Is the Goldstone Report 'anti-Semitic'?

J'lem officials slam Edelstein for linking document with Holocaust Day.

January 26, 2010 02:46
3 minute read.

Edelstein. (photo credit: Ariel Jerozolimski)


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Senior diplomatic officials took sharp issue on Monday with Public Diplomacy and Diaspora Affairs Minister Yuli Edelstein for referring to the Goldstone Commission report as "anti-Semitic," and for saying a connection should be drawn between the document and International Holocaust Remembrance Day.

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"The connection between the Goldstone Report and the international Holocaust memorial day is not an easy thing," Edelstein said in an interview with Ynet news before leaving for a United Nations meeting marking International Holocaust Remembrance Day on Wednesday.

"On the other hand, however, we must learn the lessons from what happened. Then, too, those who called out were told that Hitler is a clown and that all the gloomy predictions of the 1930s were nonsense.

"On the Holocaust memorial day of all days, which also marks the battle against global anti-Semitism, we must discuss this connection, because today the soldiers of the Israel Defense Forces are accused of harvesting organs, murdering children and raping women."

According to Edelstein, "After World War II and the establishment of the State of Israel, anti-Semitism is not directed at Jews but at Israel and the Israelis. The Goldstone Report, the publications [in Sweden] about organ harvesting and similar reports, are simply a type of anti-Semitism."

Senior government officials, however, warned that drawing connections between the Goldstone Commission report and the Holocaust diminishes the Holocaust and provides Israel's enemies right-of-way to use Holocaust imagery to bash Israel.

"Not everything is connected," one official said. "If you make any comparison between Goldstone and the Holocaust, you will lose the argument; no one will want to hear anymore. You free the other side from having to deal with your legitimate arguments."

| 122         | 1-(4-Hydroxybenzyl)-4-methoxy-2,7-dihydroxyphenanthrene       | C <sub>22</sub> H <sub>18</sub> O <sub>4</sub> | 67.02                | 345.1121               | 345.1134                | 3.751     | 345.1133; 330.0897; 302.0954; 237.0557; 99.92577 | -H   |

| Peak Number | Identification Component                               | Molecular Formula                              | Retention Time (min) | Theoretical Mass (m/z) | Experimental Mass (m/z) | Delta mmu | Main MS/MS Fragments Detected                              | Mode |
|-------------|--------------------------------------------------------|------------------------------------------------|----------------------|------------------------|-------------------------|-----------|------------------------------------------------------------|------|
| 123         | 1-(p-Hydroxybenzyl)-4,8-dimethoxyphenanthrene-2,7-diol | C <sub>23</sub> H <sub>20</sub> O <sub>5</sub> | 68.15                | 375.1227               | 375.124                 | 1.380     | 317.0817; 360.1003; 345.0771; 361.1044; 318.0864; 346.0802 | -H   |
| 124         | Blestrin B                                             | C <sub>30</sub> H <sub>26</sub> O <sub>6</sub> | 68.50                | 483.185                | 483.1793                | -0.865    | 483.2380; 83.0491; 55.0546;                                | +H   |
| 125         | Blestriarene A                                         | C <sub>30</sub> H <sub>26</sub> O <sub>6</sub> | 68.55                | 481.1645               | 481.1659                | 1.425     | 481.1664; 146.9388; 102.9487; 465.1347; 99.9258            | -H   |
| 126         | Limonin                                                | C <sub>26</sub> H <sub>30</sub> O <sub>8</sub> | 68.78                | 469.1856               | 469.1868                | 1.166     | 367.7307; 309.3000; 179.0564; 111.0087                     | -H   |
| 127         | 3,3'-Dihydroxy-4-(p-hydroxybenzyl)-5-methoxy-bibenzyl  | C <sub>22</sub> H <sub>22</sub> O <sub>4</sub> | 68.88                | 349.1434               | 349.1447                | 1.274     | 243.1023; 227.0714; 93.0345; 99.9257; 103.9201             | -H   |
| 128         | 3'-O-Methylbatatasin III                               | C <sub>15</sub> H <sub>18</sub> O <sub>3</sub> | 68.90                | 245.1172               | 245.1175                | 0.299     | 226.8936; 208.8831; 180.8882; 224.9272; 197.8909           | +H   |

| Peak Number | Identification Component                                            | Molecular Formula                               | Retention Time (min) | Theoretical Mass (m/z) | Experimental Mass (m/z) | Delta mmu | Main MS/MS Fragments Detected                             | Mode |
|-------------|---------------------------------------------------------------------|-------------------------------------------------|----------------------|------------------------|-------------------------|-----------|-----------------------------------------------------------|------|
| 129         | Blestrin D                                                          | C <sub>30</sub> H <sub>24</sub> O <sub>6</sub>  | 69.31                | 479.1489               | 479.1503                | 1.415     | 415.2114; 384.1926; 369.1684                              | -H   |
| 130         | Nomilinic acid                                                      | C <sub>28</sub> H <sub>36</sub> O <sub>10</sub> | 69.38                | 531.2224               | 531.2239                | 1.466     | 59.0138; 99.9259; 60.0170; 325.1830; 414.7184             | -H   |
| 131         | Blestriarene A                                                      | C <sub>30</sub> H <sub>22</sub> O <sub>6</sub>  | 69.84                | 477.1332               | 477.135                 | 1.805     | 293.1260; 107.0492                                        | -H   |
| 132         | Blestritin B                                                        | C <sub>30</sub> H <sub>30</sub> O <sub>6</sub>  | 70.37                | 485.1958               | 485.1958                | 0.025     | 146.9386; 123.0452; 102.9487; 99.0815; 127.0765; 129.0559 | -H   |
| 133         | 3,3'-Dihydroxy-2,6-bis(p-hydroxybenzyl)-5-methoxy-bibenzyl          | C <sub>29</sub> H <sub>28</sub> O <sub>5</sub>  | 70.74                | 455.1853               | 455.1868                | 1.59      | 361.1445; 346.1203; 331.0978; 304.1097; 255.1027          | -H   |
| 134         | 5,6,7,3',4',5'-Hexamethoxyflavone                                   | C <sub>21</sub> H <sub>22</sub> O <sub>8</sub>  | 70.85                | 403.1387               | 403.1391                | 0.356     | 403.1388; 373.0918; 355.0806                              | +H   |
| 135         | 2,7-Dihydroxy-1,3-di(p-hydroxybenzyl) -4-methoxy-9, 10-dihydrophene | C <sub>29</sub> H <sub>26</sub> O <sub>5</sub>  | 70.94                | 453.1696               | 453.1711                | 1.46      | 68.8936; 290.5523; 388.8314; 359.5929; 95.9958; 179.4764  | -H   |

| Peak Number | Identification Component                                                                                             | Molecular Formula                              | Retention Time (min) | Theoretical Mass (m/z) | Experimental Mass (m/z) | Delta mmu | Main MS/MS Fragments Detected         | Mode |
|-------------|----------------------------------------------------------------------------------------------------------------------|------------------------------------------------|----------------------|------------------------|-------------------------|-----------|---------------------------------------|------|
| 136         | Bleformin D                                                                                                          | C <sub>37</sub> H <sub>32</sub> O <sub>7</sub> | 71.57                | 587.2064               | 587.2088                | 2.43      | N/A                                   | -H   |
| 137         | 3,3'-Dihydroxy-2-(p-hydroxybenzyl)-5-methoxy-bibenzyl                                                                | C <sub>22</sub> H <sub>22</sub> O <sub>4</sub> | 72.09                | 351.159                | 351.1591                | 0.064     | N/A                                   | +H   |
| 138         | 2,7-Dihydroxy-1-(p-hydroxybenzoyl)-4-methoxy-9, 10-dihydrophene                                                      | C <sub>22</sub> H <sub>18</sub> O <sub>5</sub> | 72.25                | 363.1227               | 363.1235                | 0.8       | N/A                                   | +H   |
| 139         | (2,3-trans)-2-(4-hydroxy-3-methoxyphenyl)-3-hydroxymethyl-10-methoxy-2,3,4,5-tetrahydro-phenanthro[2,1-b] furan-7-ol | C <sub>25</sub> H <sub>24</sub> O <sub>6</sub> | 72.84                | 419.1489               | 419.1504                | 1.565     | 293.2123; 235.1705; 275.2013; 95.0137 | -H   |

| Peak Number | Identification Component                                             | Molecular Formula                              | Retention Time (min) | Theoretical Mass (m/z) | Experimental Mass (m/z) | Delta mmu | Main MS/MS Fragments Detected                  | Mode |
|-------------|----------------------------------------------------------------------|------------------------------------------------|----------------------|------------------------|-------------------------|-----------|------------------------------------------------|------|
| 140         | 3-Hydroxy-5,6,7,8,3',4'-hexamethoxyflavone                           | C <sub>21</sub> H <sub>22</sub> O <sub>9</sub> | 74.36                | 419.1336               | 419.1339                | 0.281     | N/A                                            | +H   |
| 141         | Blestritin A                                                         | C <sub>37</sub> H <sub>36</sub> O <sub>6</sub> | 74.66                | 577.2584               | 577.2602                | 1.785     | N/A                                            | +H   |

Furthermore, he said, it would be counterproductive in the long-term to use the Holocaust in a political argument because then legitimacy would be given to Israel's enemies to use Holocaust imagery against Israel, as when they say the IDF employs "Nazi tactics" against Gaza.

Another senior official said that it was one thing to say that efforts to delegitimize Israel were anti-Semitic, but quite another to draw analogies with the Holocaust.

It was not clear on Monday to what extent, if any, Israel's leaders - President Shimon Peres, who will be speaking at the Bundestag in Berlin on Wednesday, Prime Minister Binyamin Netanyahu, who will speak at a ceremony commemorating the 65th anniversary of the liberation of Auschwitz, or Foreign Ministry Avigdor Lieberman, who will attend a ceremony in Budapest - would make reference to the Goldstone Report.

Nevertheless, one source in the Prime Minister's Office said that Netanyahu has been careful since the release of the report on September 15 not to call South African jurist Richard Goldstone, who is Jewish, an anti-Semite.

Likewise, the Foreign Ministry, whose various spokesmen have said over the past few months that the document could lead to a rise in anti-Semitism, have not hurled the anti-Semite epithet at Goldstone or his committee.

However, at Sunday's cabinet meeting Jewish Agency Chairman Natan Sharansky defined anti-Israel criticism as anti-Semitic, if it met what he called the "3-D" criteria: demonization, deligitimization and a double standard.

According to that criteria, one senior source in the Prime Minister's Office said, there were undoubtedly anti-Semitic elements in the Goldstone Report.

Edelstein was quoted by Ynet news as saying the report was anti-Semitic, and was expected to bring up the matter in talks on Monday in New York with UN Secretary-General Ban Ki-moon.

Even though Edelstein holds the tile of "public diplomacy minister," Foreign Ministry officials made clear they have neither received, nor given, directives to begin referring to the Goldstone Report as anti-Semitic, or to draw any kind of parallels between it and acts that lead up to the Holocaust.

In a related matter, Netanyahu, in an apparent reference to Iran, said at a ceremony at Yad Vashem on Monday that there was "a new Jew hatred in our midst. "There are new calls for the extermination of the Jewish state," he said, adding that the international community was being tested now "as seldom before" since the end of the Holocaust.

"It is tested today whether it will stand up to the truth, to the evidence of evil, to the design of mass murder," the prime minister said. "This is a test of humanity. This is a test of mankind and we shall see in the coming weeks and months how the international community lives up to its responsibility to stop evil before it spreads further."

Netanyahu was at Yad Vashem for the opening of an exhibit that includes the original blueprints for the Auschwitz-Birkenau death camp, blueprints he received on visit to Germany last year.

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